All The Eggs In One Bus-ket

Raising free range chickens a family business

By Clay Payne

TFW Contributing Writer


(Photo: Clay Payne) Wyatt, 6, carries the rooster at Villine's Family Farm Buffalo Eggs.

Nestled deep in the Ozarks in the town of Ponca, an old school bus that was converted to a free range chicken coop sits merely a stone’s throw from the blue water of the Buffalo River. The bus is home to the heritage hens who produce Villines’ Family Farm Buffalo Eggs, and the hens are raised by the Villines family (Joe, Genevieve, and their two sons, Wyatt, 6, and Jameson, 4).

“To me every egg is a true gift from God,” Genevieve said. “They’re all unique and special to me because we’ve raised the hens. They’re like children to us.”

Not only did Joe rig the school bus with a roost made of cedar poles braced with wire (stabilized by a fencing technique), a 30-pound feeder with pellets for the 117 hens and one rooster that contains layer pellets with protein (the chickens are also fed oats and wheat), and bell waterers (one inside the bus and one under), he also constructed an incubator inside the refrigerator of their home across the street for the estimated 50 eggs per day that the bus hens produce in the summertime. Joe said the hens can produce up to 100 eggs a day in the spring and fall months.

The incubator is a converted refrigerator at Villine's Family Farm Buffalo Eggs.

“Why not? It’s fun anyway,” Joe said of the incubator.

The Villines’ hens are currently kicking out four types of eggs which make for quite a colorful egg basket: Americauna (blue), Black Java (brown), Black Copper Marans (dark brown) and Leghorns (white). Joe said he is working on crossing the Americauna eggs with the Black Copper eggs to produce an army-green egg. Joe said he would be keeping Heritage (nonhybrid, pure bred) eggs and also producing cross-breed eggs.

“We’re making our own hybrids — getting creative,” Joe said.

Free range chickens eat grass, have the ability to run around and are exposed to the sunlight.

Joe and Genevieve Villines with sons Wyatt, 6, and Jameson, 4.

“We do it for the animals and for our customers,” Joe said. “Chicken houses are nasty buildings. They’re dusty, overpopulated and the chickens are bred to get big, fast. (Their skeletal structures break down, and they can’t live past a year).”

The Villines were some of the first settlers in the Boxley Valley area, and Joe said his ancestors began homesteading in the area in 1836. Joe was raised on his family’s cattle farm in Ponca, and Genevieve grew up raising chickens and fighting roosters on her family’s property in Tokio, near Nashville, in south Arkansas. Genevieve said her chores growing up were taking care of the chickens, including watering and feeding.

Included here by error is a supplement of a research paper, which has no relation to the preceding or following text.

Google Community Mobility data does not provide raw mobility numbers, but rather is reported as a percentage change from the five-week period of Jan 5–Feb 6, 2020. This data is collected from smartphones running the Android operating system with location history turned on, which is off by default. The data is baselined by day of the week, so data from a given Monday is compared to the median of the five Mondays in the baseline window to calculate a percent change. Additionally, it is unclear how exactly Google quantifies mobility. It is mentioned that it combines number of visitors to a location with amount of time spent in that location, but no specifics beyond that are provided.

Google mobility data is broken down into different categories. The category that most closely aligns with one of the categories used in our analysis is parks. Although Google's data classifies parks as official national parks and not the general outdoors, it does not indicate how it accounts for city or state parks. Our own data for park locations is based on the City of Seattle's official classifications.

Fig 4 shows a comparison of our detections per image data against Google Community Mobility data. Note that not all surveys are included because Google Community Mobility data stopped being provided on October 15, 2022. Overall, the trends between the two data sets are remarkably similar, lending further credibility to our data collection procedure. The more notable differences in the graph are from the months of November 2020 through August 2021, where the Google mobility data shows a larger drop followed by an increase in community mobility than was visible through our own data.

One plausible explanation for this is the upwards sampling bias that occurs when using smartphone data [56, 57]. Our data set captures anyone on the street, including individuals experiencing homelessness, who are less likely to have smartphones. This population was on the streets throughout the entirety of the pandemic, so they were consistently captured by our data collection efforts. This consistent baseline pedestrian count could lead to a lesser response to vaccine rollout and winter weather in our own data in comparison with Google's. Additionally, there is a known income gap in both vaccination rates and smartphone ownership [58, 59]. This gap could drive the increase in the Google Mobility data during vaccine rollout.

In 2002, Genevieve was working as a reporter for the Fayetteville Free Weekly when she was assigned to cover a local bluegrass band, Wildwood. Joe played banjo and guitar for the band, and they said the rest is history.

Joe Villines works on the bus while 6-year-old Wyatt holds some chickens and 4-year-old Jameson peeks at the cameraman.

Now, the friendly couple raises the free range chickens on their farm along with help from their two sons, Wyatt and Jameson, and their three dogs, Batman, Minnie and Hez. In addition to the chickens, dogs and boys running around the farmland, the family also owns a fourth month-old pet hog, Shoopie.

“Wyatt’s the best chicken catcher,” Genevieve said.

Genevieve said she moved to Fayetteville to attend college, and Joe said he moved from his farm to Fayetteville because, “I didn’t wanna marry someone I was related to … seriously.” Genevieve and Joe moved back to Joe’s family farm in Ponca in 2002, and they started raising chickens three or four years afterward.

Joe said the school bus came about from his grandfather, who purchased the bus for his goats to sleep in at night. Joe said the goats were sold, but the bus was not and sat unused for about 10 years.

A basket of freshly picked, multicolored eggs at Villines' Family Farm Buffalo Eggs near Ponca.

Joe said his family owns another school bus, and he aims to have it set up and running eventually. Joe painted the former yellow school bus a desert storm green.

“I didn’t want it to be an eyesore,” Joe said.

Villines’ Family Farm Buffalo Eggs are sold at Ozark Natural Foods in Fayetteville, Nature’s Wonders in Harrison and locally at Lost Valley Canoe in Ponca.

“We call ’em buffalo eggs because they’re on the banks of the Buffalo River,” Joe said.

Categories: Family Friendly
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